Ain’t no smokin’ at the house of blue lights
ITK launches blue light campaign to combat tobacco
Non-smoking Inuit homes in Canada will glow blue over the coming year to signal their household’s commitment to go smoke-free, said Mary Simon, president of Inuit Tapiriit Kanatami, in Ottawa at the May 31 launch of two new programs aimed at reducing smoking rates and improving the health of families, infants and new mothers.
“These programs are about reducing the extraordinarily high prevalence of smoking among Inuit, which contributes to a rate of lung cancer among Inuit that is the highest in the world — and rising,” said Simon in an ITK news release.
“They are about providing support and encouragement to Inuit, and helping families realize that they can take control of their health and their lives.”
The projects include the “Blue Light Campaign,” in which families will get a blue light bulb to install on their porch to signal that their home is smoke free.
The light means either that there are no smokers in the household, that the household’s smokers have always smoked outdoors, or that they have begun smoking outdoors to reduce the impact of second-hand smoke on others in the family, ITK says.
A second project, called “Born Smoke-Free,” is aimed at women who are pregnant or might become pregnant.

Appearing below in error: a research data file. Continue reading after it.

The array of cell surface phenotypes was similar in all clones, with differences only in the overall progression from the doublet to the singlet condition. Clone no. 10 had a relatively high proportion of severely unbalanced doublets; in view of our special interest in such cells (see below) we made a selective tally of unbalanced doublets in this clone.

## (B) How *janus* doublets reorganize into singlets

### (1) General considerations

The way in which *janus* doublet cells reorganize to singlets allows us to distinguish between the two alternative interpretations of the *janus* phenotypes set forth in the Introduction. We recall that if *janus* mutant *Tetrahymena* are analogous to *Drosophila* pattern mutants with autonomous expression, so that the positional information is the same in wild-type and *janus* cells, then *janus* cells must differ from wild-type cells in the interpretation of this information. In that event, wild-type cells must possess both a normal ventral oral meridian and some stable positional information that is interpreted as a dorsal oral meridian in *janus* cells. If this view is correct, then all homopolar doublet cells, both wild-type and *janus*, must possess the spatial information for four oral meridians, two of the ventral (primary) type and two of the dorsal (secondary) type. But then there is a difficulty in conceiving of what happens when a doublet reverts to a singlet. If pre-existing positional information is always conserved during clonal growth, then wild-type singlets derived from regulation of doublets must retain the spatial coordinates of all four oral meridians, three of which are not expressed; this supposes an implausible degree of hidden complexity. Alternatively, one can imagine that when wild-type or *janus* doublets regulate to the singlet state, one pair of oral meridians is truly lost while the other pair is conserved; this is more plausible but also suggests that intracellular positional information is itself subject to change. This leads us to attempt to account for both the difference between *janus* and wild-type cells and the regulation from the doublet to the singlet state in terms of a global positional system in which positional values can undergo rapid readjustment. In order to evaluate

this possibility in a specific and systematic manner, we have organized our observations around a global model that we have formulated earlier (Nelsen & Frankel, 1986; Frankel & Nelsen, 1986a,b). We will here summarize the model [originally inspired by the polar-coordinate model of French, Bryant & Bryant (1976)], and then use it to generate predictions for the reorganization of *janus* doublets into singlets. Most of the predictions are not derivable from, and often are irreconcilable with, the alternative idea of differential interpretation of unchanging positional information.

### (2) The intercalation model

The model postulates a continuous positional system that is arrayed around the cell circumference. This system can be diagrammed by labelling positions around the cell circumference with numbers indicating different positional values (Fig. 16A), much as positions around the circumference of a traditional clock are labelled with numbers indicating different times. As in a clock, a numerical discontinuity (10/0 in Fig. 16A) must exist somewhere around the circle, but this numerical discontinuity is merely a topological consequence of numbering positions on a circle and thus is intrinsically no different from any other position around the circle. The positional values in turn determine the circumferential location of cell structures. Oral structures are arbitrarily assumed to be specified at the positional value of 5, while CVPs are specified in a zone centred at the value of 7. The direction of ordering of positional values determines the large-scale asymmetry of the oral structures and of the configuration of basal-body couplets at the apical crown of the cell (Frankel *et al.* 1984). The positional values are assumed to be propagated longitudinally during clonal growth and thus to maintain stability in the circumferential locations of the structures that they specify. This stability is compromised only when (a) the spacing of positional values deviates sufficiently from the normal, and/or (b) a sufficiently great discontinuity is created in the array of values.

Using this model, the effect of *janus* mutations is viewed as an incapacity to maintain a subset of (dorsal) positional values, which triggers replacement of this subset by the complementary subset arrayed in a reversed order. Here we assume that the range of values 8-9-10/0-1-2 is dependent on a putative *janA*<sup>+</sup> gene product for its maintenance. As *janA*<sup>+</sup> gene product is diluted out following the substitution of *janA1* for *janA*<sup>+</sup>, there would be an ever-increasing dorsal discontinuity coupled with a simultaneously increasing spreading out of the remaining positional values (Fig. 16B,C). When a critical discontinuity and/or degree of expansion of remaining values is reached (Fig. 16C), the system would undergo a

Some studies have found smoking rates of 80 per cent or more among pregnant women. In Iqaluit, researchers determined that 85 per cent of infants had been exposed to tobacco in the womb, ITK notes.
“Recognizing these alarming statistics does not mean casting judgment,” said Simon. “Our goal is to promote Inuit-specific, culturally affirming and community-empowering initiatives to reduce the use of tobacco among Inuit.”
ITK says the programs, already started in several Nunatsiavut and Nunavik communities, will now be extended to select communities in Nunavut, the Northwest Territories and one more Nunavik community.
Inuit households in Ottawa will also be included through the Ottawa-based Tungasuvvingat Inuit organization.
The May 31 launch of the two programs coincides with the annual World No Tobacco Day.